But perhaps it’s time to consider Joe Girardi’s idea of putting headsets — NFL-style — on pitchers, catchers, coaches, managers and middle infielders, and relaying pitch-calls via the airwaves. The Yankees manager — and former catcher — has proposed the idea in the past, and did so again Tuesday at Oriole Park at Camden Yards in Baltimore after the news broke about the accusations regarding the Red Sox.
“It’s something in baseball we need to hop on,” Girardi said. “There has to be something a pitcher and catcher and middle infielders can do to combat all this. Football went to the headsets. People say, ‘I don’t know how feasible that is in baseball’ — but we have to try something … If we can use technology for other things, there ought to be a way to use it in a game where just a few people know [the pitch-calls].
In football, Girardi pointed out, “the quarterback gets the play called in. Now, unless someone is really good [at spycraft] and on their wavelength, there’s no way [for the opponent] to know the play.”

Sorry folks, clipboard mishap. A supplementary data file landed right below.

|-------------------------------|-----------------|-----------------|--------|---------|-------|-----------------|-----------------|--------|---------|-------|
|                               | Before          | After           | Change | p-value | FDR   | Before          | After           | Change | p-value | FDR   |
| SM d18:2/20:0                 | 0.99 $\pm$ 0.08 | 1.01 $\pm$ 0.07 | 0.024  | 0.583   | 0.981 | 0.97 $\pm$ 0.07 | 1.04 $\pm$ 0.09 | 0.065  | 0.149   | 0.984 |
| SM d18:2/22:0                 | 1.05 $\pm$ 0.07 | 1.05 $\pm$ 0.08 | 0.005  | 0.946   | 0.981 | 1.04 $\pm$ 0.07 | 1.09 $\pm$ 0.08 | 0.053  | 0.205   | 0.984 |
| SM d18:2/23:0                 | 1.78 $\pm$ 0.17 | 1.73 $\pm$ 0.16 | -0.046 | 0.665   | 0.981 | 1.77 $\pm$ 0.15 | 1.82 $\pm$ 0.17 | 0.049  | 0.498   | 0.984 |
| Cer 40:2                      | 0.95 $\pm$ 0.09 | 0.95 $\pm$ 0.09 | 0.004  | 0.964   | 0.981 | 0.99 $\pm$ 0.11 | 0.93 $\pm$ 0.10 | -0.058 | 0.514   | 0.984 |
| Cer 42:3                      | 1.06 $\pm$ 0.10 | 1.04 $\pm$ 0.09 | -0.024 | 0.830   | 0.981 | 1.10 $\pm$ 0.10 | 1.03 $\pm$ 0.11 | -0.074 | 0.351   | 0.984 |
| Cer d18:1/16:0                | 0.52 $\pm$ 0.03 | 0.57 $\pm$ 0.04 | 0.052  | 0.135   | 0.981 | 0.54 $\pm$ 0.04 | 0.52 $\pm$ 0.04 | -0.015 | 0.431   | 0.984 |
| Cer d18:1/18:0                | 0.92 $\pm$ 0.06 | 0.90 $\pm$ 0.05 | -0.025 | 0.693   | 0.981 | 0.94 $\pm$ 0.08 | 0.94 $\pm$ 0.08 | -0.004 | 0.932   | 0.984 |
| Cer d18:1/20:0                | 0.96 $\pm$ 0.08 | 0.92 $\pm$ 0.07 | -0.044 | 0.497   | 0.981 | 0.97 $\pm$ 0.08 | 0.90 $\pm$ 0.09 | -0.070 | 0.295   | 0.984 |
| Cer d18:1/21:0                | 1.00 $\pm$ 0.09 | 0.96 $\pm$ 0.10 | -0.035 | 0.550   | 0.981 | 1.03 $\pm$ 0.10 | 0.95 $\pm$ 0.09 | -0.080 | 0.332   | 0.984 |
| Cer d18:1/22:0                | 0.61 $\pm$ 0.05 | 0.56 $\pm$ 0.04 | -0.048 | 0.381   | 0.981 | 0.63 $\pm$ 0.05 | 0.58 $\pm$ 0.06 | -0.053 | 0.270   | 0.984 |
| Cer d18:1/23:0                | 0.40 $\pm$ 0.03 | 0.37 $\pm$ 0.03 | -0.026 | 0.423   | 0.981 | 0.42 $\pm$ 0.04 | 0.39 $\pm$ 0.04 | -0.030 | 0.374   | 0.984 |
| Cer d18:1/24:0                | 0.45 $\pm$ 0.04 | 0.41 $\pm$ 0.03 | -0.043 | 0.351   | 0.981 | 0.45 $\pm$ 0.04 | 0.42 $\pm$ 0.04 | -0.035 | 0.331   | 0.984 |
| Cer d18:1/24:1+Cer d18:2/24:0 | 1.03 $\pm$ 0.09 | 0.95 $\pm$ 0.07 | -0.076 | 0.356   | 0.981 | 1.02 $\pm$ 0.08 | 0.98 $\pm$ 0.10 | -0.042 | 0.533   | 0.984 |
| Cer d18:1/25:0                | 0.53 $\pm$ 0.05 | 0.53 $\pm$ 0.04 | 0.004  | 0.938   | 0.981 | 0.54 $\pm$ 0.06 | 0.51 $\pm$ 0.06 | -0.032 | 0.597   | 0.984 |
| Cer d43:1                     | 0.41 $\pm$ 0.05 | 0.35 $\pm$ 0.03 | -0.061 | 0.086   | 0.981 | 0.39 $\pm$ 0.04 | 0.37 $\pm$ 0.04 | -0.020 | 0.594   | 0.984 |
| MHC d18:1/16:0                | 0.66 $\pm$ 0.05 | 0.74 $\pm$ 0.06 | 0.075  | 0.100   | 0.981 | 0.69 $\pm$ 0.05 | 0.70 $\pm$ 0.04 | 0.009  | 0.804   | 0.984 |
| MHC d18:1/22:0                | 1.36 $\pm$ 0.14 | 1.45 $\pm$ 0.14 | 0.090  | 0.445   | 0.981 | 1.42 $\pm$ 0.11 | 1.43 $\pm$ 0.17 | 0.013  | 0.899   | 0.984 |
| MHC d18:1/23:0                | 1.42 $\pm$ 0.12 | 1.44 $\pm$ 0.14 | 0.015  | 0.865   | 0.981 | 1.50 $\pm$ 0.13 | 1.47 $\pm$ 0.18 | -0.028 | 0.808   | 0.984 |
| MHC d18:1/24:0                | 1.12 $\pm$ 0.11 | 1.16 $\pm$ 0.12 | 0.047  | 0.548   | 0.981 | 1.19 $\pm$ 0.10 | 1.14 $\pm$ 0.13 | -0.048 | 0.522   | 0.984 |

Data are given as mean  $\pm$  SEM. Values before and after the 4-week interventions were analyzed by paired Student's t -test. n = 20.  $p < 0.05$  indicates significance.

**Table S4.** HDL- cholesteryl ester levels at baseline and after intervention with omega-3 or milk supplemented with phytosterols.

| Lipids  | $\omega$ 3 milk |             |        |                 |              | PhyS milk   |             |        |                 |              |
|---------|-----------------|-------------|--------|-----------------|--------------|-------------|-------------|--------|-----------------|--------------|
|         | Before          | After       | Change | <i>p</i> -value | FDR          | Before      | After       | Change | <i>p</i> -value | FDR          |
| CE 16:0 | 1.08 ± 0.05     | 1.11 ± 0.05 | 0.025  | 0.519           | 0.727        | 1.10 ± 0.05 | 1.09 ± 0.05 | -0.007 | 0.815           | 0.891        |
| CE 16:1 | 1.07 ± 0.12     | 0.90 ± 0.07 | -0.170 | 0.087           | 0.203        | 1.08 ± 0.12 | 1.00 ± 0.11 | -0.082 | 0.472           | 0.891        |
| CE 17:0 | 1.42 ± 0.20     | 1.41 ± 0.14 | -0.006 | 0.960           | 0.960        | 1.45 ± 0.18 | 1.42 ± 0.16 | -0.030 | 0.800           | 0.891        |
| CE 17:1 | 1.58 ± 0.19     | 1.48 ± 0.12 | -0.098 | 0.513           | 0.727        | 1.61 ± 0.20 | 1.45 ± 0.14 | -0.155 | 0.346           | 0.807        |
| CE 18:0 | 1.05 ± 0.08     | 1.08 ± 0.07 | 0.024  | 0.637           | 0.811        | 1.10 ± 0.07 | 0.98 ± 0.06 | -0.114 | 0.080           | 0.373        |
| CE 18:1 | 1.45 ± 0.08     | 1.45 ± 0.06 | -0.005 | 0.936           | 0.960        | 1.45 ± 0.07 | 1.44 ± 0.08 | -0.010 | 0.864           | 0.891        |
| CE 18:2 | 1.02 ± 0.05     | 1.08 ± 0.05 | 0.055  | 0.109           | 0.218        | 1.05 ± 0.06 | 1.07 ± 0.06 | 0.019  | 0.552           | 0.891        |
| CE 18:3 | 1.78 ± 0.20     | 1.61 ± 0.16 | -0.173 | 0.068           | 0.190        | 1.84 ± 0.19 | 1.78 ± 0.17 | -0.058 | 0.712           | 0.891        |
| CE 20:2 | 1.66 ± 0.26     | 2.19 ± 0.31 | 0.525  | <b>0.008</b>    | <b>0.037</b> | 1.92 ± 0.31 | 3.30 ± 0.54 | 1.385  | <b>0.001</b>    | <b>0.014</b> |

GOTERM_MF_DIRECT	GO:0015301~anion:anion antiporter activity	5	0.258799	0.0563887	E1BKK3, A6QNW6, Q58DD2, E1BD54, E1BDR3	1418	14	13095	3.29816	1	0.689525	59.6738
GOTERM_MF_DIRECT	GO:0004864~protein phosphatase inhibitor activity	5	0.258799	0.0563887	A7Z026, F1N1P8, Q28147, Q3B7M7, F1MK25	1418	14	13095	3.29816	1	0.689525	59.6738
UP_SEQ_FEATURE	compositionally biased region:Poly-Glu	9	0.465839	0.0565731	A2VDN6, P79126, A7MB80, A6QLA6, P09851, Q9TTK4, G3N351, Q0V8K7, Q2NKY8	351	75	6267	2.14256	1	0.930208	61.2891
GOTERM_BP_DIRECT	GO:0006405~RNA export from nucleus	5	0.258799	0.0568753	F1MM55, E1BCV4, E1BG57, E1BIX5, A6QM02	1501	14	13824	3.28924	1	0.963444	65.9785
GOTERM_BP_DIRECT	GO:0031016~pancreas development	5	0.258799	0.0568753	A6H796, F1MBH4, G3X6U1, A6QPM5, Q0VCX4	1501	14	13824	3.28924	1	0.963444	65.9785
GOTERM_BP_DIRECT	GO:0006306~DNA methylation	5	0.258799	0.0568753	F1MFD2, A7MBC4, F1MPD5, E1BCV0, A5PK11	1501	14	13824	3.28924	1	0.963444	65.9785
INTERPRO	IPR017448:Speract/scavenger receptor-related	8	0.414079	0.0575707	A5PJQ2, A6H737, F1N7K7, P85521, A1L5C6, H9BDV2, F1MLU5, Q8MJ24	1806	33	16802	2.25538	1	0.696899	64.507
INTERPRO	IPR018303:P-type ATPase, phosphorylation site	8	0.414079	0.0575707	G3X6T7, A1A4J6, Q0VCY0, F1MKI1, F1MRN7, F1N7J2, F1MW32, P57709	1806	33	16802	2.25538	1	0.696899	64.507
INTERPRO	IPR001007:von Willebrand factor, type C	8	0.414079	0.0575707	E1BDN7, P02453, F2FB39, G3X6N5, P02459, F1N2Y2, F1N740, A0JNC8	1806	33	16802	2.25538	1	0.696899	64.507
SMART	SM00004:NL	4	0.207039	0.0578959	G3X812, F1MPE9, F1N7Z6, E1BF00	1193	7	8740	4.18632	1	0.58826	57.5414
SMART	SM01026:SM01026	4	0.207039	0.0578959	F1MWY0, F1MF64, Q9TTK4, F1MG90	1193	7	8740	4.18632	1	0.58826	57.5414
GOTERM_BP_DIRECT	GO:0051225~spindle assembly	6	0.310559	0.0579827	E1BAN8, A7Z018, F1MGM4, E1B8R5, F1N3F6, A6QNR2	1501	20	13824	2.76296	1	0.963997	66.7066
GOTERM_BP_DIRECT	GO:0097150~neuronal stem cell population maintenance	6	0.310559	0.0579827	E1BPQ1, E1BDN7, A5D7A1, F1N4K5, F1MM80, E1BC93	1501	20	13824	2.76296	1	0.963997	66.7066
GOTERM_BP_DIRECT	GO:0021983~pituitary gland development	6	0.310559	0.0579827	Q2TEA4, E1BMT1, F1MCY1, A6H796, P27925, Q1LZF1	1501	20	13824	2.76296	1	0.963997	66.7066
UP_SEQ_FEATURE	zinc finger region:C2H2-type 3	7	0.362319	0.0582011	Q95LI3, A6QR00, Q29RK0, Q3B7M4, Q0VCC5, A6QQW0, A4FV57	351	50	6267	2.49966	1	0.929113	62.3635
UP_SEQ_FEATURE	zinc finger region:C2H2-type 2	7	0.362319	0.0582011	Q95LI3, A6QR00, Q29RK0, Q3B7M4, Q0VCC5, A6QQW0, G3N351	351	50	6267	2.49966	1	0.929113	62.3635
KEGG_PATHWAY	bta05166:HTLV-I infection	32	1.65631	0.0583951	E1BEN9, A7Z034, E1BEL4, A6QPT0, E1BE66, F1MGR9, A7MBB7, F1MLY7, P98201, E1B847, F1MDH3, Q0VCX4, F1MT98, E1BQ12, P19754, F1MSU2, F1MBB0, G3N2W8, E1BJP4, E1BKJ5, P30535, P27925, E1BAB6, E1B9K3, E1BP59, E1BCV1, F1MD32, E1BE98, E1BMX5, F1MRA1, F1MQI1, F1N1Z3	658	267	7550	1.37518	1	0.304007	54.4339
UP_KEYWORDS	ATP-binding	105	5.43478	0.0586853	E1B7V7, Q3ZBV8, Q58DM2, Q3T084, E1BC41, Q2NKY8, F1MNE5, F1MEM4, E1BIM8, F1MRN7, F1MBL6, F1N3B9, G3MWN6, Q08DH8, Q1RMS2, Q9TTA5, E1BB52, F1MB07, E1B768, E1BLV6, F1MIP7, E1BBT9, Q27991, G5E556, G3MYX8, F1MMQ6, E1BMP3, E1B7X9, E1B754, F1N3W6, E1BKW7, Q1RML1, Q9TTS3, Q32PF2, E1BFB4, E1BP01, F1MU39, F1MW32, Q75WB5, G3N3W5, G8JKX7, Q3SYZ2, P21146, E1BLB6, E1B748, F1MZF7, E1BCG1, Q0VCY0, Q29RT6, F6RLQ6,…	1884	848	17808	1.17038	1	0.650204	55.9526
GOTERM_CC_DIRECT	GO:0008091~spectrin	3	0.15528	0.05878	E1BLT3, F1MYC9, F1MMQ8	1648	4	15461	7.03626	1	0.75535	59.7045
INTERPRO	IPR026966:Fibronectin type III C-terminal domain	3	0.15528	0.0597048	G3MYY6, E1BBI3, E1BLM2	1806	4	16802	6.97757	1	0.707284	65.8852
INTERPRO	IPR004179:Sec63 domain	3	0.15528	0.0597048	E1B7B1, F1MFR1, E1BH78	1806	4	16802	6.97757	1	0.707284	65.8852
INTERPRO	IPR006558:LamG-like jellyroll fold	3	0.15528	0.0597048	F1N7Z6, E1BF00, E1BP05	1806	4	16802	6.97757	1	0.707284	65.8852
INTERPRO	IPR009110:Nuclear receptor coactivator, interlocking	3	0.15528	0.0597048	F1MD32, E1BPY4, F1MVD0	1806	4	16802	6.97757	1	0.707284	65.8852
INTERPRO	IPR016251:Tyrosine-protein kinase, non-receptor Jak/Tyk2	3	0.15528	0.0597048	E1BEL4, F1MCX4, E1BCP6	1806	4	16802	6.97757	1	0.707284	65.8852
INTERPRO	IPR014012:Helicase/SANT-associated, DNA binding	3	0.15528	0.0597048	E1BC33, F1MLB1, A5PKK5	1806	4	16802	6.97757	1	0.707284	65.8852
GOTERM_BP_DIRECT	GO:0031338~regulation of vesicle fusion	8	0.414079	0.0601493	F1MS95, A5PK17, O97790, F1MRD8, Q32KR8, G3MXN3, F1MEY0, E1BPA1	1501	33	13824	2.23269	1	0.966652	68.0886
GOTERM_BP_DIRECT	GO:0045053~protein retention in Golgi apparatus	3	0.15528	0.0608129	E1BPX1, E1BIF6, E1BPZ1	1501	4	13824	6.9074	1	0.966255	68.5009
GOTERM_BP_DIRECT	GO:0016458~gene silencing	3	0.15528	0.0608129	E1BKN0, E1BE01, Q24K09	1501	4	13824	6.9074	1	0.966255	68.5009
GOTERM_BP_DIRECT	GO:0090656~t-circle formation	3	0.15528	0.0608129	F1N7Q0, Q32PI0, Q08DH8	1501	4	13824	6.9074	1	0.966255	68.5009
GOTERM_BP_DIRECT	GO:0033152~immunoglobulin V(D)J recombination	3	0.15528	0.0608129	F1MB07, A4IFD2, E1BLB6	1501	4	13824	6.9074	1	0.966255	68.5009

The idea makes plenty of sense for baseball. Not only would it eliminate the elaborate schemes to steal the opposing catcher’s signs by visual measures — which, as Girardi acknowledged, pretty much every team in baseball undertakes, with or without the use of technology — but it could also have the secondary effect of improving the sport’s worsening pace-of-play and time-of-game issues, one of Manfred’s most passionate crusades.
If pitchers and catchers no longer have to devise increasingly elaborate signals, and change them with greater frequency, to protect themselves from prying eyes (and, apparently, Apple Watches), it could reduce both the time between pitches and the number of time-sucking trips to the mound to get the signals straight.